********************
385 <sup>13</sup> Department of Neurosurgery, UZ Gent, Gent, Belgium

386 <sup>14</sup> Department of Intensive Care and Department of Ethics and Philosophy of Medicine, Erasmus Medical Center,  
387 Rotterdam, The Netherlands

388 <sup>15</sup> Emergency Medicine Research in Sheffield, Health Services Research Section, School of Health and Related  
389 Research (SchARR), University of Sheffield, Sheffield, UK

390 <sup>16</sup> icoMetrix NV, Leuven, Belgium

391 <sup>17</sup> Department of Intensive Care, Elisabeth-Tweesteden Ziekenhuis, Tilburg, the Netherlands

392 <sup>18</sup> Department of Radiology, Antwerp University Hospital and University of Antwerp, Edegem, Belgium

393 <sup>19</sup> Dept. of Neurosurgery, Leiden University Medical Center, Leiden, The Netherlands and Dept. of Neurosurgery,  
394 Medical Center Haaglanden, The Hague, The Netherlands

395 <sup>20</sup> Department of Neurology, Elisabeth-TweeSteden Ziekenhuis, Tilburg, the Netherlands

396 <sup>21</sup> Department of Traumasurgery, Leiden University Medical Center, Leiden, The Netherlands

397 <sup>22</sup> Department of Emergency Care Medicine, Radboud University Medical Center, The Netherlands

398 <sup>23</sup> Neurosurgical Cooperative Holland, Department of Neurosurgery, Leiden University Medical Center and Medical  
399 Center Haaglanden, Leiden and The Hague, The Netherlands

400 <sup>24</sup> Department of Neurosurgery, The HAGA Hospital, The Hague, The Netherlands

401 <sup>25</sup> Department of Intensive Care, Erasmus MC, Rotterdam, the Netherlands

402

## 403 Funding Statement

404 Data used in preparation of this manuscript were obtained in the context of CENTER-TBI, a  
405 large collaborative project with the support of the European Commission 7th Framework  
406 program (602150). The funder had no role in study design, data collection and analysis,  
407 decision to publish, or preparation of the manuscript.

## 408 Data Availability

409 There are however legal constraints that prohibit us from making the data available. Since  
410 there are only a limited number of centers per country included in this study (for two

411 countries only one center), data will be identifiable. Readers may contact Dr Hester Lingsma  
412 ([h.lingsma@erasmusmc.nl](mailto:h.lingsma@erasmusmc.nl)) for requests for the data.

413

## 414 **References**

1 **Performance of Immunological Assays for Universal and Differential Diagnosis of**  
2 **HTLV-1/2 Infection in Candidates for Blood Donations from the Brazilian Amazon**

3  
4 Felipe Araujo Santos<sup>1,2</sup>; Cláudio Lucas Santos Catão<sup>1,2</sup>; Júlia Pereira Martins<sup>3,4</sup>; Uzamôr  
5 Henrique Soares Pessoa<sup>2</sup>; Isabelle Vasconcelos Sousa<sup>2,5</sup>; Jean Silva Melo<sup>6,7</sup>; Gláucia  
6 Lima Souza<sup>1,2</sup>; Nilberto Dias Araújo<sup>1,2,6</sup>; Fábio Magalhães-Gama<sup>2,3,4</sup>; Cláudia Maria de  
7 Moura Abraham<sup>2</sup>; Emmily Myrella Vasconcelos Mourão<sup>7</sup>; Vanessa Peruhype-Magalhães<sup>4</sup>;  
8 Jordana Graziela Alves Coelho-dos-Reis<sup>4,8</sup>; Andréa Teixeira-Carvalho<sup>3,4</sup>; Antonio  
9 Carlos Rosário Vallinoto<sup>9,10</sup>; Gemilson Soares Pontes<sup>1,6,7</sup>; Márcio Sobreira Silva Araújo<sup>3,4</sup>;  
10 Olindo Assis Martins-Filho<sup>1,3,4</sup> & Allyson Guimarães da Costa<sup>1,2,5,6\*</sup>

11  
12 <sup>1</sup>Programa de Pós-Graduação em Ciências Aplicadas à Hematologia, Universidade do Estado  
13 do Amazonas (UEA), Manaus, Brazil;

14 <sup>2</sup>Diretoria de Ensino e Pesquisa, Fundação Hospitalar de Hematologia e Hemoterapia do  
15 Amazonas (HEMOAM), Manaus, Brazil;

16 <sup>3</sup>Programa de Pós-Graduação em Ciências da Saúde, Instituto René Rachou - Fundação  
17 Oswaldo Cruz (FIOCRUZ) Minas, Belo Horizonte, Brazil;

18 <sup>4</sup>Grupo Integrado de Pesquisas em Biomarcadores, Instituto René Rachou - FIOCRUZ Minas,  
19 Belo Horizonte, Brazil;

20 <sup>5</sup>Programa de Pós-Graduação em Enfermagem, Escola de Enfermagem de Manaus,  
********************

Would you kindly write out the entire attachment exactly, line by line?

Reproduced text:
385 <sup>13</sup> Department of Neurosurgery, UZ Gent, Gent, Belgium

386 <sup>14</sup> Department of Intensive Care and Department of Ethics and Philosophy of Medicine, Erasmus Medical Center,  
387 Rotterdam, The Netherlands

388 <sup>15</sup> Emergency Medicine Research in Sheffield, Health Services Research Section, School of Health and Related  
389 Research (SchARR), University of Sheffield, Sheffield, UK

390 <sup>16</sup> icoMetrix NV, Leuven, Belgium

391 <sup>17</sup> Department of Intensive Care, Elisabeth-Tweesteden Ziekenhuis, Tilburg, the Netherlands

392 <sup>18</sup> Department of Radiology, Antwerp University Hospital and University of Antwerp, Edegem, Belgium

393 <sup>19</sup> Dept. of Neurosurgery, Leiden University Medical Center, Leiden, The Netherlands and Dept. of Neurosurgery,  
394 Medical Center Haaglanden, The Hague, The Netherlands

395 <sup>20</sup> Department of Neurology, Elisabeth-TweeSteden Ziekenhuis, Tilburg, the Netherlands

396 <sup>21</sup> Department of Traumasurgery, Leiden University Medical Center, Leiden, The Netherlands

397 <sup>22</sup> Department of Emergency Care Medicine, Radboud University Medical Center, The Netherlands

398 <sup>23</sup> Neurosurgical Cooperative Holland, Department of Neurosurgery, Leiden University Medical Center and Medical  
399 Center Haaglanden, Leiden and The Hague, The Netherlands

400 <sup>24</sup> Department of Neurosurgery, The HAGA Hospital, The Hague, The Netherlands

401 <sup>25</sup> Department of Intensive Care, Erasmus MC, Rotterdam, the Netherlands

402

## 403 Funding Statement

404 Data used in preparation of this manuscript were obtained in the context of CENTER-TBI, a  
405 large collaborative project with the support of the European Commission 7th Framework  
406 program (602150). The funder had no role in study design, data collection and analysis,  
407 decision to publish, or preparation of the manuscript.

## 408 Data Availability

409 There are however legal constraints that prohibit us from making the data available. Since  
410 there are only a limited number of centers per country included in this study (for two

411 countries only one center), data will be identifiable. Readers may contact Dr Hester Lingsma  
412 ([h.lingsma@erasmusmc.nl](mailto:h.lingsma@erasmusmc.nl)) for requests for the data.

413

## 414 **References**

1 **Performance of Immunological Assays for Universal and Differential Diagnosis of**  
2 **HTLV-1/2 Infection in Candidates for Blood Donations from the Brazilian Amazon**

3  
4 Felipe Araujo Santos<sup>1,2</sup>; Cláudio Lucas Santos Catão<sup>1,2</sup>; Júlia Pereira Martins<sup>3,4</sup>; Uzamôr  
5 Henrique Soares Pessoa<sup>2</sup>; Isabelle Vasconcelos Sousa<sup>2,5</sup>; Jean Silva Melo<sup>6,7</sup>; Gláucia  
6 Lima Souza<sup>1,2</sup>; Nilberto Dias Araújo<sup>1,2,6</sup>; Fábio Magalhães-Gama<sup>2,3,4</sup>; Cláudia Maria de  
7 Moura Abraham<sup>2</sup>; Emmily Myrella Vasconcelos Mourão<sup>7</sup>; Vanessa Peruhype-Magalhães<sup>4</sup>;  
8 Jordana Graziela Alves Coelho-dos-Reis<sup>4,8</sup>; Andréa Teixeira-Carvalho<sup>3,4</sup>; Antonio  
9 Carlos Rosário Vallinoto<sup>9,10</sup>; Gemilson Soares Pontes<sup>1,6,7</sup>; Márcio Sobreira Silva Araújo<sup>3,4</sup>;  
10 Olindo Assis Martins-Filho<sup>1,3,4</sup> & Allyson Guimarães da Costa<sup>1,2,5,6\*</sup>

11  
12 <sup>1</sup>Programa de Pós-Graduação em Ciências Aplicadas à Hematologia, Universidade do Estado  
13 do Amazonas (UEA), Manaus, Brazil;

14 <sup>2</sup>Diretoria de Ensino e Pesquisa, Fundação Hospitalar de Hematologia e Hemoterapia do  
15 Amazonas (HEMOAM), Manaus, Brazil;

16 <sup>3</sup>Programa de Pós-Graduação em Ciências da Saúde, Instituto René Rachou - Fundação  
17 Oswaldo Cruz (FIOCRUZ) Minas, Belo Horizonte, Brazil;

18 <sup>4</sup>Grupo Integrado de Pesquisas em Biomarcadores, Instituto René Rachou - FIOCRUZ Minas,  
19 Belo Horizonte, Brazil;

20 <sup>5</sup>Programa de Pós-Graduação em Enfermagem, Escola de Enfermagem de Manaus,  